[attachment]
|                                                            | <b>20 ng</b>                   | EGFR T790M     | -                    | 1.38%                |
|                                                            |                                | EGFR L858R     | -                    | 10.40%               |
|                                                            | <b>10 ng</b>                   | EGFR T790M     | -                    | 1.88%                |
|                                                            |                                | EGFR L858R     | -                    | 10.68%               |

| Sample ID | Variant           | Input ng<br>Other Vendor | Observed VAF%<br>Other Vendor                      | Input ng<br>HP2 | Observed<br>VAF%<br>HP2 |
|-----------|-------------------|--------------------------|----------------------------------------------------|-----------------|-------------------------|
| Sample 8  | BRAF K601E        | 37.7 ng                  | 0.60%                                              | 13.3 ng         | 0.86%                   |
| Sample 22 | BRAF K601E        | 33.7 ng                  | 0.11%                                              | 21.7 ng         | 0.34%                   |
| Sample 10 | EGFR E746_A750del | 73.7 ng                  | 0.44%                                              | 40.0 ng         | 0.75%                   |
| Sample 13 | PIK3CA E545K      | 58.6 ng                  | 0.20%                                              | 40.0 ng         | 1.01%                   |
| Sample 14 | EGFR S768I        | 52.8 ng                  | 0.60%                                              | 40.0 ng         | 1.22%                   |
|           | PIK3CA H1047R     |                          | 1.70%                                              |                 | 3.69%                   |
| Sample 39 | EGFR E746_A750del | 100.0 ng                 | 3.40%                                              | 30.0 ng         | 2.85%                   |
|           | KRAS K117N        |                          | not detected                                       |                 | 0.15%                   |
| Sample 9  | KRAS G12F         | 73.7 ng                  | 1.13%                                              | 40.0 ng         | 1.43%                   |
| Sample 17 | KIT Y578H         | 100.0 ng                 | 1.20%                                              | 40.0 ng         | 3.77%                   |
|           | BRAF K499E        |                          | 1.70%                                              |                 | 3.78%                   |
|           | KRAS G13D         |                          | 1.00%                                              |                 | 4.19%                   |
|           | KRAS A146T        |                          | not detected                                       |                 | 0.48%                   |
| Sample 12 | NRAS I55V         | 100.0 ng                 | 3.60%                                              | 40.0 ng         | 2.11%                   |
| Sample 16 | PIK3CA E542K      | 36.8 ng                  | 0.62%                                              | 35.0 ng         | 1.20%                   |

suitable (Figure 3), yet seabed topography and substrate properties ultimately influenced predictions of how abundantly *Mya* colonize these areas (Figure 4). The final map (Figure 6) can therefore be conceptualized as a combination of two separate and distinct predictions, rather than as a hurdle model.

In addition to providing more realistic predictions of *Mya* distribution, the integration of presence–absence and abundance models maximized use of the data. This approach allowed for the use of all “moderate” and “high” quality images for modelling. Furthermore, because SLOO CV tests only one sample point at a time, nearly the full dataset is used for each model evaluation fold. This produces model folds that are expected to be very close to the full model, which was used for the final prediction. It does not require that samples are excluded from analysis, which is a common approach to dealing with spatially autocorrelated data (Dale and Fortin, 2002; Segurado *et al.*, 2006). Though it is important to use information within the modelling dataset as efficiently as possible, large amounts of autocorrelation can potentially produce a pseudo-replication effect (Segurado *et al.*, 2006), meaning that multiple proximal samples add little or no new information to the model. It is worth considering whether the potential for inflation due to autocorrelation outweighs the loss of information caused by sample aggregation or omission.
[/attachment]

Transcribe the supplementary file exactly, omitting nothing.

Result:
|                                                            | <b>20 ng</b>                   | EGFR T790M     | -                    | 1.38%                |
|                                                            |                                | EGFR L858R     | -                    | 10.40%               |
|                                                            | <b>10 ng</b>                   | EGFR T790M     | -                    | 1.88%                |
|                                                            |                                | EGFR L858R     | -                    | 10.68%               |

| Sample ID | Variant           | Input ng<br>Other Vendor | Observed VAF%<br>Other Vendor                      | Input ng<br>HP2 | Observed<br>VAF%<br>HP2 |
|-----------|-------------------|--------------------------|----------------------------------------------------|-----------------|-------------------------|
| Sample 8  | BRAF K601E        | 37.7 ng                  | 0.60%                                              | 13.3 ng         | 0.86%                   |
| Sample 22 | BRAF K601E        | 33.7 ng                  | 0.11%                                              | 21.7 ng         | 0.34%                   |
| Sample 10 | EGFR E746_A750del | 73.7 ng                  | 0.44%                                              | 40.0 ng         | 0.75%                   |
| Sample 13 | PIK3CA E545K      | 58.6 ng                  | 0.20%                                              | 40.0 ng         | 1.01%                   |
| Sample 14 | EGFR S768I        | 52.8 ng                  | 0.60%                                              | 40.0 ng         | 1.22%                   |
|           | PIK3CA H1047R     |                          | 1.70%                                              |                 | 3.69%                   |
| Sample 39 | EGFR E746_A750del | 100.0 ng                 | 3.40%                                              | 30.0 ng         | 2.85%                   |
|           | KRAS K117N        |                          | not detected                                       |                 | 0.15%                   |
| Sample 9  | KRAS G12F         | 73.7 ng                  | 1.13%                                              | 40.0 ng         | 1.43%                   |
| Sample 17 | KIT Y578H         | 100.0 ng                 | 1.20%                                              | 40.0 ng         | 3.77%                   |
|           | BRAF K499E        |                          | 1.70%                                              |                 | 3.78%                   |
|           | KRAS G13D         |                          | 1.00%                                              |                 | 4.19%                   |
|           | KRAS A146T        |                          | not detected                                       |                 | 0.48%                   |
| Sample 12 | NRAS I55V         | 100.0 ng                 | 3.60%                                              | 40.0 ng         | 2.11%                   |
| Sample 16 | PIK3CA E542K      | 36.8 ng                  | 0.62%                                              | 35.0 ng         | 1.20%                   |

suitable (Figure 3), yet seabed topography and substrate properties ultimately influenced predictions of how abundantly *Mya* colonize these areas (Figure 4). The final map (Figure 6) can therefore be conceptualized as a combination of two separate and distinct predictions, rather than as a hurdle model.

In addition to providing more realistic predictions of *Mya* distribution, the integration of presence–absence and abundance models maximized use of the data. This approach allowed for the use of all “moderate” and “high” quality images for modelling. Furthermore, because SLOO CV tests only one sample point at a time, nearly the full dataset is used for each model evaluation fold. This produces model folds that are expected to be very close to the full model, which was used for the final prediction. It does not require that samples are excluded from analysis, which is a common approach to dealing with spatially autocorrelated data (Dale and Fortin, 2002; Segurado *et al.*, 2006). Though it is important to use information within the modelling dataset as efficiently as possible, large amounts of autocorrelation can potentially produce a pseudo-replication effect (Segurado *et al.*, 2006), meaning that multiple proximal samples add little or no new information to the model. It is worth considering whether the potential for inflation due to autocorrelation outweighs the loss of information caused by sample aggregation or omission.